The Wadden Sea and migratory birds
Tidal areas like the Wadden Sea are among the world's most valuable natural areas because the pulsating tides allow the sun to heat the exposed seabed at low tide. This means that the algae get extra energy from the nutrient-rich mud on the seabed, and the algae are the basis for a gigantic production of benthic animals such as mussels, worms and snails - the favourite food of migratory birds. This makes the Wadden Sea an invaluable pantry for birds on the East Atlantic Flyway, one of the world's most important routes for migratory birds. The birds stop in the Wadden Sea to replenish their stores for their onward journey, while some choose to stay in the area over the winter, where they can continue to enjoy the great takeaway.
How many is 12 million, really?
12-15 million migratory birds is a lot - a lot. The number is so large that it can be hard to imagine exactly how many birds there are. Of course, these millions of birds don't arrive all at once. For some species, only a few hundred migrating individuals arrive in the area, while for others, more than a million conspecifics visit the Wadden Sea at once. Some species are larger than others. For example, the world's entire population of pink-footed geese is in the Wadden Sea during the migration period - around 7,000 birds in total. They arrive in the Wadden Sea from Svalbard in September-October and spend the winter here until they return to Svalbard at the end of May to breed.
Plan your trip
The diverse birdlife can be seen both on your own or by booking a guided tour organised by one of the national park's partners. Especially during the migration periods from March to May and again from August to October, the Wadden Sea is teeming with birdlife. If you want to go out on your own, Mandø is one of the places in the Wadden Sea that harbours the most species of both migratory and breeding birds - and even some of the rarest, such as the Little Tern and the White-breasted Pratincole. Mandø also hosts some of the largest populations of barnacle geese in Denmark. Rømø also offers great opportunities for birdwatching: in spring and autumn, thousands of wading birds wade along the Rømø dam, and the car parks on the dam are a great place to stop. Tøndermarsken also offers unique birding experiences, for example from the old sea dyke or the 4-kilometre stretch behind Det Fremskudte Dige - here you can see impressive flocks of birds all year round, such as Icelandic black grouse, white-breasted dabbling ducks, pintails and gadwalls, to name but a few.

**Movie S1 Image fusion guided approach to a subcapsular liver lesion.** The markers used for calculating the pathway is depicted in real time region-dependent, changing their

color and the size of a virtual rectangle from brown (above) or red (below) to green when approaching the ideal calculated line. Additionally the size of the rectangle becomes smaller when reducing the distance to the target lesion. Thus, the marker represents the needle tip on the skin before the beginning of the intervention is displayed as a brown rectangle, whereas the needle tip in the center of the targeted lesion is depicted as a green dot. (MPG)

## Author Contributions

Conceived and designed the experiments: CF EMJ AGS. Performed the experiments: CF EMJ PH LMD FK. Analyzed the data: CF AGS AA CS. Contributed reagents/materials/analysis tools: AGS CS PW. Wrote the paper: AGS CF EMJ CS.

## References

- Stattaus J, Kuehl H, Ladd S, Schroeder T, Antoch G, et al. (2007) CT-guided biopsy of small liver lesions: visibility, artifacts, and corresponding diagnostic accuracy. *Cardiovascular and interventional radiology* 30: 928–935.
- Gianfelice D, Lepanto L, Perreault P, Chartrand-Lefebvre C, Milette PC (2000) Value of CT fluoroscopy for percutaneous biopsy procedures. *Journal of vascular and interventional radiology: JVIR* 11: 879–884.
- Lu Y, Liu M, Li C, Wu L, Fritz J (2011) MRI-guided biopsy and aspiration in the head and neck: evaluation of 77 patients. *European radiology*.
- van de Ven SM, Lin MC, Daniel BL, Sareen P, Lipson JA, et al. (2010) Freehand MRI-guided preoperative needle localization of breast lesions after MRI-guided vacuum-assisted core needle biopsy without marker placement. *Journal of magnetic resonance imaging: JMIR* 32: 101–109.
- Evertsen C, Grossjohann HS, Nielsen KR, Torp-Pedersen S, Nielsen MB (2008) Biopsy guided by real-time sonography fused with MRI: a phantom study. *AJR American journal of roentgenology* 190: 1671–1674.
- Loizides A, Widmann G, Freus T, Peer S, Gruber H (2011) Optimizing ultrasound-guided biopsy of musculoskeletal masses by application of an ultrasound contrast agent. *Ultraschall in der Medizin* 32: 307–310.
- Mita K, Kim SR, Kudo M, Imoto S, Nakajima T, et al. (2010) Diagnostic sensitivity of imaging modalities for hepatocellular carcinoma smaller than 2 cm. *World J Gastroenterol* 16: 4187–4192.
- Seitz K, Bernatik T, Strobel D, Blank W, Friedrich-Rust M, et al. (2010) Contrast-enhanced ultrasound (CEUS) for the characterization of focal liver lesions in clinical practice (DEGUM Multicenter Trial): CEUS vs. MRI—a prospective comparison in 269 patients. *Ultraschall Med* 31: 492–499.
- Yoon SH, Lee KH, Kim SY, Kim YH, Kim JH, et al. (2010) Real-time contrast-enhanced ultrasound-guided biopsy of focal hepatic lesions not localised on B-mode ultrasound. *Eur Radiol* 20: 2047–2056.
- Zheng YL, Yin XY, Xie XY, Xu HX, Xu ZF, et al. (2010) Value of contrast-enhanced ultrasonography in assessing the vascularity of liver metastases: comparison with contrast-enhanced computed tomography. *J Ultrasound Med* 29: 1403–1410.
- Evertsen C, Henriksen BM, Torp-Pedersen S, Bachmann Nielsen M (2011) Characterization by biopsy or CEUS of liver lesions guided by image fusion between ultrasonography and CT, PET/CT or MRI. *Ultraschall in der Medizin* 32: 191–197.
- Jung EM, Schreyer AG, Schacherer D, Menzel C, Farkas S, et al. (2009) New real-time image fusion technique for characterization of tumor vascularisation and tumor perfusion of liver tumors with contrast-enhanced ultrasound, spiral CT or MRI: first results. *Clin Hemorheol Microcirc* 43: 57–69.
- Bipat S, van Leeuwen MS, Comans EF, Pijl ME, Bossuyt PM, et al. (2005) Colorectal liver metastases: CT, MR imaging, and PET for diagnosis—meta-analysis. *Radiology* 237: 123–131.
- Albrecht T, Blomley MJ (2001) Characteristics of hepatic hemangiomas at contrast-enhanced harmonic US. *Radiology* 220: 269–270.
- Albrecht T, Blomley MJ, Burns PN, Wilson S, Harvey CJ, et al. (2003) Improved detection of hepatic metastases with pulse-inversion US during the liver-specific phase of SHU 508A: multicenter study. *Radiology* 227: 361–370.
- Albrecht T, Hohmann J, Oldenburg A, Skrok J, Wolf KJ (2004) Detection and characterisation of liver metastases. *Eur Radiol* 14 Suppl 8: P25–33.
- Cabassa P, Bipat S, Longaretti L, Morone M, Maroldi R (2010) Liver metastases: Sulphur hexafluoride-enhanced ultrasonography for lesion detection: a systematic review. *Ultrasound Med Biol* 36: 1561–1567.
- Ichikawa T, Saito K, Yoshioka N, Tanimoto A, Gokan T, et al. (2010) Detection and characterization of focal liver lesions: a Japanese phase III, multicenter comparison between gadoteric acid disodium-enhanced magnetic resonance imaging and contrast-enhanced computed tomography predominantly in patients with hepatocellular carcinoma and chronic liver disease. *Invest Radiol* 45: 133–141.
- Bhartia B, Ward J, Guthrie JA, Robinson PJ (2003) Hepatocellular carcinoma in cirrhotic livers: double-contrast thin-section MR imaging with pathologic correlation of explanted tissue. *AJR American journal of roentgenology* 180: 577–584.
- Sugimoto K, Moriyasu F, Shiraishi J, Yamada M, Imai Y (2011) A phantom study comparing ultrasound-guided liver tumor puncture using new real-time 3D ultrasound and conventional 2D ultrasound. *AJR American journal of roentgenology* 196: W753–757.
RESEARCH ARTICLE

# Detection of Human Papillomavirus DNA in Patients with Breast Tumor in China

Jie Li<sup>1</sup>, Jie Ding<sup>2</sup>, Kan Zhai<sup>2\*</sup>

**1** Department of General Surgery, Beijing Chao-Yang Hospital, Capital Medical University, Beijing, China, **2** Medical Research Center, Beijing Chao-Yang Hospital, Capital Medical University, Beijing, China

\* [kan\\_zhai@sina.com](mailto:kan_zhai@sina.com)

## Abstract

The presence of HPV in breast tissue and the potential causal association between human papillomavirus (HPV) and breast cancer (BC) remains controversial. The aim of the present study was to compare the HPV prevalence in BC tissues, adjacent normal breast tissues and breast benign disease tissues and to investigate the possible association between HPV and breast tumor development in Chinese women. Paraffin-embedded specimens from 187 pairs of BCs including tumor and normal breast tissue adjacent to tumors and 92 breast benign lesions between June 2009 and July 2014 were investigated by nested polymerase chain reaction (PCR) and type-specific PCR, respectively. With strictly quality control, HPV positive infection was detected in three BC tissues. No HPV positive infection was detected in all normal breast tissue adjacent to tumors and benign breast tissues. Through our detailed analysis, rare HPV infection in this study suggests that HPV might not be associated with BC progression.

Read more about the Wadden Sea's migratory birds
How to be the best guest when birdwatching
- Move slowly and be patient without making unnecessary noise. If you are travelling in a group, stay together and don't spread out.
- Use the area's existing observation facilities and stay on the many paths and roads that show the area and nature at its best
- Pay attention to stress behaviour, signs of restlessness and warning calls from the birds. Retreat if you experience them.
- Don't use acoustic aids to attract birds and don't use flash when filming and photographing.
- Pick up any rubbish you find and take it with you - even if it's not yours.
Fotos: Tandrup Naturfoto, Bo L Christiansen, Torben Andersen, John Frikke